Randy Kraft knows all about the interest in an exposed shipwreck on the Missouri River near Wilton.
"I got a caller from California, and he's all fired up to fly up here with his wife," said the owner and founder of Scuba One, a Mandan-based diving outfit.
Unfortunately, there isn't much to see, but "it's exciting for a North Dakota project," said Kraft, who has dived one time on the Abner O'Neal. The steamboat hit a snag, or obstruction, and sank in July 1892, in 8-10 feet of water while carrying about 9,000 bushels of wheat downriver.
The wreck has little to explore; there are no rooms, "it's just the ribs," according to Kraft.
Low water levels, like now, routinely reveal the wreck. Explorer Jacques Cousteau sent a team to the site in 1984, according to Tribune archives.
The State Historical Society of North Dakota took aerial footage in the fall of 2020, when the wreck lay exposed.
Professional archaeologists hadn't visited the site in 30-40 years, according to Historical Society Chief Archaeologist Andrew Clark. The Historical Society also wanted to test out its new camera drones at the site and document its location.
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Researchers would like to find schematics of the steamboat design, and they're working on a detailed article about the Abner O'Neal, Clark said.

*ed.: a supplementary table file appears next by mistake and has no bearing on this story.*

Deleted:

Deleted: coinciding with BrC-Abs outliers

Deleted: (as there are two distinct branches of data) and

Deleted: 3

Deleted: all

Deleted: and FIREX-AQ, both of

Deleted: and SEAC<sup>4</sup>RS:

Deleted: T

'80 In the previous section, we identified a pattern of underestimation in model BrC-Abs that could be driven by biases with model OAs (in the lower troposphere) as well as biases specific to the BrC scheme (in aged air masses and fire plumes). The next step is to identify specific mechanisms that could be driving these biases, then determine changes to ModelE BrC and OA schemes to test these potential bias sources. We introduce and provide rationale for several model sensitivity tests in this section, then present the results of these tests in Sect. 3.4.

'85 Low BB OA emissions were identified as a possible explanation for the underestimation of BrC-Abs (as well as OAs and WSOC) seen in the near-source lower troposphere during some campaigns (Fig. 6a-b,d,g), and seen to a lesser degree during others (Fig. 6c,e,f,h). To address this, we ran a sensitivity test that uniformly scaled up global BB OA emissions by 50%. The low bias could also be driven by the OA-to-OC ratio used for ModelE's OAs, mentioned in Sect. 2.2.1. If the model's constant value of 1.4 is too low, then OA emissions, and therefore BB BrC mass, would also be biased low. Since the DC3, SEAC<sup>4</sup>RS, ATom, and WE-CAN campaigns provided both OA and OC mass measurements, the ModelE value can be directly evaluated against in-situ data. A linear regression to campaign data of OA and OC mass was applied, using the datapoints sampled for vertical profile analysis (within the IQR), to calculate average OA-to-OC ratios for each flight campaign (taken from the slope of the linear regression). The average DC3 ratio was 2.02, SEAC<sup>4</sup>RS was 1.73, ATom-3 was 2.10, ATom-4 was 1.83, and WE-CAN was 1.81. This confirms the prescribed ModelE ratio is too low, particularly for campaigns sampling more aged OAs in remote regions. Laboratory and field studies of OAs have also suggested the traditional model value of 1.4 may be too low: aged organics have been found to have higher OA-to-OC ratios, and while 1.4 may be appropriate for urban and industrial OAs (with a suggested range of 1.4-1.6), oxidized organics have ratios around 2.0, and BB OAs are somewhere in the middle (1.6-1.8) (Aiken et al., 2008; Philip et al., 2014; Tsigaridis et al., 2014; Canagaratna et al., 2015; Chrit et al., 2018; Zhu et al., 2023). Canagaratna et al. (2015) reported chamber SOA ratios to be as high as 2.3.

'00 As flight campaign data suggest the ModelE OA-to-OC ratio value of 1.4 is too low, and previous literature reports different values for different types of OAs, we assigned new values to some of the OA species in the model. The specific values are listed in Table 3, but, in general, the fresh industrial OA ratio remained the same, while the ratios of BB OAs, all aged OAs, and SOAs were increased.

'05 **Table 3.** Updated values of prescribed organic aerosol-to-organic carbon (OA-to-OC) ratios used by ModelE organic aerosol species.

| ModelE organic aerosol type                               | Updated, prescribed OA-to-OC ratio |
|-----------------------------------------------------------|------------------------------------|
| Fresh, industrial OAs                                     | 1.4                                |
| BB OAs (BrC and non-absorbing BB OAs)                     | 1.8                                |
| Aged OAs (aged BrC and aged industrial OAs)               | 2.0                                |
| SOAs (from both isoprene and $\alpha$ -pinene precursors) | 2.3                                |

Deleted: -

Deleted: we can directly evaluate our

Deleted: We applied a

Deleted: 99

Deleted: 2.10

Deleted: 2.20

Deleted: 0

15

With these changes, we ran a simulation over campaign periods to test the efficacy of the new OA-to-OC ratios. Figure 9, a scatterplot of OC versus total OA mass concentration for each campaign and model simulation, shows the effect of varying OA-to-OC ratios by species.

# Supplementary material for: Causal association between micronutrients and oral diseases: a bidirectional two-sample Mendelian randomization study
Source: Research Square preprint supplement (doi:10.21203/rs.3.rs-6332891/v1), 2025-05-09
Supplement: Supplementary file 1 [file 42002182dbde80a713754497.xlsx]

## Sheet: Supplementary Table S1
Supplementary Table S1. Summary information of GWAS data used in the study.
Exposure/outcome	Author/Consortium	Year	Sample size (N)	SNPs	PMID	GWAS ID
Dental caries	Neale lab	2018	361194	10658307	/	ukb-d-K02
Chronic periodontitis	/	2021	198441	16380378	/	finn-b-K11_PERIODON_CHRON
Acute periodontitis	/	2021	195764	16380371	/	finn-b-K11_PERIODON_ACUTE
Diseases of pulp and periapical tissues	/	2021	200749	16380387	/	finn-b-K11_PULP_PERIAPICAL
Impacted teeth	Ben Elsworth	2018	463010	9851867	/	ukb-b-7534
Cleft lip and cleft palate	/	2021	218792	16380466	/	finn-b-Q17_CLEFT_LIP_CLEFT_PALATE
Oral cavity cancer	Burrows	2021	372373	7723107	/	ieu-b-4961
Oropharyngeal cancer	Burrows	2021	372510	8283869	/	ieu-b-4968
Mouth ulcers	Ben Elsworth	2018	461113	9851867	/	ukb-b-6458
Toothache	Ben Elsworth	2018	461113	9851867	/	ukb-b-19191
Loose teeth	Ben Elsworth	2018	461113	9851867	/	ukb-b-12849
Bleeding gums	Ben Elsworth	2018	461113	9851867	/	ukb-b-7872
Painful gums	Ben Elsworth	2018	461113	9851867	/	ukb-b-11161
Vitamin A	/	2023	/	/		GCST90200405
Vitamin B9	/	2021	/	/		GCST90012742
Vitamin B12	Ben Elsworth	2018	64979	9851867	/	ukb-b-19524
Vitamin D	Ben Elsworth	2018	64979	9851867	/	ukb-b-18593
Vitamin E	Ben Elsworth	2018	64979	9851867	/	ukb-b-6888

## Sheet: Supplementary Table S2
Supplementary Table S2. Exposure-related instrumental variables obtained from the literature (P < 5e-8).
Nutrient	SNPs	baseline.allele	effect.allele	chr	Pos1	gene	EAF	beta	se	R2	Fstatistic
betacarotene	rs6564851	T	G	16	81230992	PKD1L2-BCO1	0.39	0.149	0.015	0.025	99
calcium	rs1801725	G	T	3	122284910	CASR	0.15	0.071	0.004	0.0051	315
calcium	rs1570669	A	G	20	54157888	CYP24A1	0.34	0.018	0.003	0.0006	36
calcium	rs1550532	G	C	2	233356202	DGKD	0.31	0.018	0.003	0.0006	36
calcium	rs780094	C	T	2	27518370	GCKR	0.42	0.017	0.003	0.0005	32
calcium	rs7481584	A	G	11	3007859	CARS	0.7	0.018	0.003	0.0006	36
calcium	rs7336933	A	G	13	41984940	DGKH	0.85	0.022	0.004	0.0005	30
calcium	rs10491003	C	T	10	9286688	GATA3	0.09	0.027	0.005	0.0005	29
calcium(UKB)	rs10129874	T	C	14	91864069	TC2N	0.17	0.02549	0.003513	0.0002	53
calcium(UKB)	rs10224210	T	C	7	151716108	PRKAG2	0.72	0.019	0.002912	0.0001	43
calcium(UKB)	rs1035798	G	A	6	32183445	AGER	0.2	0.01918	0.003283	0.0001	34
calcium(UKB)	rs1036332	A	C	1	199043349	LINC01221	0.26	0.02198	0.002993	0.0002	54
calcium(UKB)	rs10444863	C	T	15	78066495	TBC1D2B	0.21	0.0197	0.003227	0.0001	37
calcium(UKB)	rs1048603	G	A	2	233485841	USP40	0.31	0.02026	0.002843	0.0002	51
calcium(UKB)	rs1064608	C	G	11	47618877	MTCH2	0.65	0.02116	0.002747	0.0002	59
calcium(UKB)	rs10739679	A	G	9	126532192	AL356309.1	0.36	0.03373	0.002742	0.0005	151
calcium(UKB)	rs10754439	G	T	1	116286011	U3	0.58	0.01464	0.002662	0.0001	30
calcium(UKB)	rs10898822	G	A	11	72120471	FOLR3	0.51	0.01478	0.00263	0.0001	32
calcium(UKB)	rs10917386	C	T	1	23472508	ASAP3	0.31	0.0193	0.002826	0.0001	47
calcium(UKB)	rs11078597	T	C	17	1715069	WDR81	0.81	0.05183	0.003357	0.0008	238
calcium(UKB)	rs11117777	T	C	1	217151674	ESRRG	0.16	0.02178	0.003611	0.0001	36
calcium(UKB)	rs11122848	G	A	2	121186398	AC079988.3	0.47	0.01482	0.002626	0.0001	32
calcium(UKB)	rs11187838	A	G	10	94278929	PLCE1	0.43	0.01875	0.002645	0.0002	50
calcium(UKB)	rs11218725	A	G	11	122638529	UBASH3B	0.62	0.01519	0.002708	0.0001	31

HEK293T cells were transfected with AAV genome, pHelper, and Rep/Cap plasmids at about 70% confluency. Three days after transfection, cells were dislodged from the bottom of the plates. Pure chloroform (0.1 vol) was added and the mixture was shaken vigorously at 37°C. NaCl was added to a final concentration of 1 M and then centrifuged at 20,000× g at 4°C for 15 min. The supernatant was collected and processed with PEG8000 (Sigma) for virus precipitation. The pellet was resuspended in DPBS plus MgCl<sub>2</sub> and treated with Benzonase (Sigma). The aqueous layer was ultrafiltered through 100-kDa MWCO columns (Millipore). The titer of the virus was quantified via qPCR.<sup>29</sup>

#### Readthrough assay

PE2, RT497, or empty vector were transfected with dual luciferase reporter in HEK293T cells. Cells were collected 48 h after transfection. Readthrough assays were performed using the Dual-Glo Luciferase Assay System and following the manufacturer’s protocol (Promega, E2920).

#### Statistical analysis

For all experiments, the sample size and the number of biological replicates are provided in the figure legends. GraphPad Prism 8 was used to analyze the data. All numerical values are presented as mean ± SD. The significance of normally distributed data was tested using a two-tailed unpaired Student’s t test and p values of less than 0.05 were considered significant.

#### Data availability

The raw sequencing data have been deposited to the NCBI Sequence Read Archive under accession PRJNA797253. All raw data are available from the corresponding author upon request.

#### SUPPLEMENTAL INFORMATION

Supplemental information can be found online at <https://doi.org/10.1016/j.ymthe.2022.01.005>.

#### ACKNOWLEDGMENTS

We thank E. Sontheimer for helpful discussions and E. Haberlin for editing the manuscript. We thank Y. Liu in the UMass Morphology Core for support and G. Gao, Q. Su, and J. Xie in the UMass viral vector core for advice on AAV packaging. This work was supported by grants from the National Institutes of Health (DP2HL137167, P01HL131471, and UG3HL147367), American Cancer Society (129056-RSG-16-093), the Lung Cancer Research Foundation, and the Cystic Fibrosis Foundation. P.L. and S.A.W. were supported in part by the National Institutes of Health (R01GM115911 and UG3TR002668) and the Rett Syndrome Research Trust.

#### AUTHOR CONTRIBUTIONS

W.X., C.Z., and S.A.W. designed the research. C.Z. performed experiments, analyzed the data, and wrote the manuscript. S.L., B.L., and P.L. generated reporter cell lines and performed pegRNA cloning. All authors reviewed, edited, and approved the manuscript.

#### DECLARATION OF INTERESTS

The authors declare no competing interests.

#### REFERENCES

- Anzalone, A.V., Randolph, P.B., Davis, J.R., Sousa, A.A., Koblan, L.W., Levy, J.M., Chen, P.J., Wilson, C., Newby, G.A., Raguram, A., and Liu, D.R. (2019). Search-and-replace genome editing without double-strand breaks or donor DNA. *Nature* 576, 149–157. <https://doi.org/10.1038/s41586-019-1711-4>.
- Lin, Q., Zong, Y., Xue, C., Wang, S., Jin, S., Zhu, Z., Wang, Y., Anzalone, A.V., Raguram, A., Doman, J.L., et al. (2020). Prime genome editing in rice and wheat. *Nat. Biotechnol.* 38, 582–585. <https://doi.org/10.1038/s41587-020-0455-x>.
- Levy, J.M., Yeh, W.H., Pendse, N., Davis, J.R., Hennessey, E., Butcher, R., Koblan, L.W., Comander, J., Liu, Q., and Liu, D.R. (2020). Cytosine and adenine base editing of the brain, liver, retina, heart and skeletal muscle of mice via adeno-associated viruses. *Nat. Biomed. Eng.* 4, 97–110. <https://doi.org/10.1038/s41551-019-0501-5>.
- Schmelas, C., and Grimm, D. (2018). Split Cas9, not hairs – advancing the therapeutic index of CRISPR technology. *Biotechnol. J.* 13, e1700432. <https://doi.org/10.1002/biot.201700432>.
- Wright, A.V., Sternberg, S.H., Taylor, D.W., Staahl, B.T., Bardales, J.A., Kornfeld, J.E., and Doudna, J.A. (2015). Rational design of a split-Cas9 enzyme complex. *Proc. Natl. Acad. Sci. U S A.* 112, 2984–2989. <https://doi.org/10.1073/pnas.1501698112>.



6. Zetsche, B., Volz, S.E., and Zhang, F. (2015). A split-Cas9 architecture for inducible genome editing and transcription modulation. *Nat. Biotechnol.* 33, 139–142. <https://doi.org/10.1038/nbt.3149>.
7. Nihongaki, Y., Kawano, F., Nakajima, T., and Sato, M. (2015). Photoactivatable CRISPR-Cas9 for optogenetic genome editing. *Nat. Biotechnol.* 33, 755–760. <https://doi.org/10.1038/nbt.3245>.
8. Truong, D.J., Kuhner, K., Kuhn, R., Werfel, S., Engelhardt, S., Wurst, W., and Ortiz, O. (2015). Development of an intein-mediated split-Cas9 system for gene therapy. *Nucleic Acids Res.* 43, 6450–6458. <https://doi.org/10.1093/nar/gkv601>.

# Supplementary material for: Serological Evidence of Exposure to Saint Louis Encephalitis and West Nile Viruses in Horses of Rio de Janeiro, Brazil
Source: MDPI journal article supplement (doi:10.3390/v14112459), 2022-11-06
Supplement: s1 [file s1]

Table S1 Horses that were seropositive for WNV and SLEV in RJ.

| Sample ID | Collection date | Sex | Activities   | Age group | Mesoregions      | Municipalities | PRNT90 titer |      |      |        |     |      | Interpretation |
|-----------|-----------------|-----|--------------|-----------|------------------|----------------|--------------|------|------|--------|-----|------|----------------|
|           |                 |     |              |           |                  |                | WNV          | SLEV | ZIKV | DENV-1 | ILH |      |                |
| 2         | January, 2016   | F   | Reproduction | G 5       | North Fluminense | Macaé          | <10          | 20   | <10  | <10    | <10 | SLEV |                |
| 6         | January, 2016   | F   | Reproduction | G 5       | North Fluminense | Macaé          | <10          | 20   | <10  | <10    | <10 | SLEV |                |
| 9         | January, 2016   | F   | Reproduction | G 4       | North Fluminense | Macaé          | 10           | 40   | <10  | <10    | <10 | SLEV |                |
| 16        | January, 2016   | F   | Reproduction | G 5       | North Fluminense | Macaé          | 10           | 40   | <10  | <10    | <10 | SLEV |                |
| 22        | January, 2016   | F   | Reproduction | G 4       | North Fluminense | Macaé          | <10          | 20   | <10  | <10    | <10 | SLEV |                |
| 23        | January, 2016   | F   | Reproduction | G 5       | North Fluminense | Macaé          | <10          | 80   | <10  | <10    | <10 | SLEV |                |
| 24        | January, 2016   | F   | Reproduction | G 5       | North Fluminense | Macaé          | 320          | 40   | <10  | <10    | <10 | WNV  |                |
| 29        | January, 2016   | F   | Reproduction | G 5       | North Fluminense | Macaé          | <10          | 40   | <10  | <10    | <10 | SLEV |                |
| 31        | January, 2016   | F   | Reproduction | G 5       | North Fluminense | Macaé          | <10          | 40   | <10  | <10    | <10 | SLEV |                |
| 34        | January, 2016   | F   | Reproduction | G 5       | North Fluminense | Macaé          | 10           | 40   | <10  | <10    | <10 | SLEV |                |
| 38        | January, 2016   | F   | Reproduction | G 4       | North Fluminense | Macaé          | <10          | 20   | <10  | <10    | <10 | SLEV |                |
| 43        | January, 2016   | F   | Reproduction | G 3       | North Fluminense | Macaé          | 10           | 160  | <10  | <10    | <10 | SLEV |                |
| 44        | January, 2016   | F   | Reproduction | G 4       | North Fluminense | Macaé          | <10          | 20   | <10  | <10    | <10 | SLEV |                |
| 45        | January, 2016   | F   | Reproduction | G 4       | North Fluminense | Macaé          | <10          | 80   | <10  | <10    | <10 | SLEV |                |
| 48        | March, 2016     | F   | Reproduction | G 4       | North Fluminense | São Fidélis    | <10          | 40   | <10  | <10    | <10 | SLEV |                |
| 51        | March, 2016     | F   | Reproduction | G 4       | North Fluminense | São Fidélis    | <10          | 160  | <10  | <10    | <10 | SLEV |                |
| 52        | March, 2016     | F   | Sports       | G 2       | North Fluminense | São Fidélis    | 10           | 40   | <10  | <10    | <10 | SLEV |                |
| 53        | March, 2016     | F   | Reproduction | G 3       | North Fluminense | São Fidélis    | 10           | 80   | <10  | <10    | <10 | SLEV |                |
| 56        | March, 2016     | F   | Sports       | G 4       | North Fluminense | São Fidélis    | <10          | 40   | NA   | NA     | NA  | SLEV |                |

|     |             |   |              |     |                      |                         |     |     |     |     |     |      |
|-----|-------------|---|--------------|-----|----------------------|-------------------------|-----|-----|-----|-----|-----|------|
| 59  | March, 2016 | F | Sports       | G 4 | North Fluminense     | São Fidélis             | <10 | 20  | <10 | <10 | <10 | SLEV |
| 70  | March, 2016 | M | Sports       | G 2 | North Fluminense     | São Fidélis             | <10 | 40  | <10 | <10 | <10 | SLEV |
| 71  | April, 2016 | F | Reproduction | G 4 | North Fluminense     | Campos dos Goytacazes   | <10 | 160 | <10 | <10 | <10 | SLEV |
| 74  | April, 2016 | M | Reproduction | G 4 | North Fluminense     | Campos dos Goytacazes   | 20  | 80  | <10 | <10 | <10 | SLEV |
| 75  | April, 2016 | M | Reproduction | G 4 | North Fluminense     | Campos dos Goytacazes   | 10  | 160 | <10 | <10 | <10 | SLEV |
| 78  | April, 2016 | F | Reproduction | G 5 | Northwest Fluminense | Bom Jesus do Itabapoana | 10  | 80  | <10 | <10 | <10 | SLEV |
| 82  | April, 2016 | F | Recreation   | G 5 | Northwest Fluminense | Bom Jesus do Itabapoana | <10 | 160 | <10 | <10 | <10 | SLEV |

Aerial photos show visible snags upstream of the wreck, illustrating "how dangerous that stretch of river was and even still is," he said.
The Burleigh County Dive Rescue and Recovery team checked out the wreck in August 2020 after conducting training nearby.
Sgt. Jeremy Alm, who dived on the wreck as a teenager, said the dive team went to the site for "something different to do," mainly for fun.
Scuba diver Les Helm, of Mandan, has been to the wreck twice, once in high water with a "ferocious" current, and in water so low his crew could walk around the site. He last visited more than 30 years ago.
"I watch too much television and see treasure ships. I expected something better," Helm joked.
He also has dived on a sunken U.S. Army Corps tugboat near Garrison, and on shipwrecks in Lake Superior, Lake Michigan, the Red Sea and the Caribbean.
The State Historical Society in 1970 counted 32 boats sunk on the Missouri River in North Dakota, at least 20 of them wrecked by ice.
Clark urges visitors to "be respectful," to take only photos and to not disturb the Abner O'Neal or trespass onto neighboring private land.
The Abner O'Neal was built in 1884. It worked the river between Pierre, South Dakota, and Fort Benton, Montana, beginning in 1890.
The steamboat's crew escaped the sinking, but the boat and its cargo were a total loss. Neither was insured.
The Historical Society maintains some artifacts from the wreck, including a pipe wrench and a metal ship lantern. A timber fragment and a piece of a bottle are on display at Cross Ranch State Park near Washburn.
Reach Jack Dura at 701-250-8225 or firstname.lastname@example.org.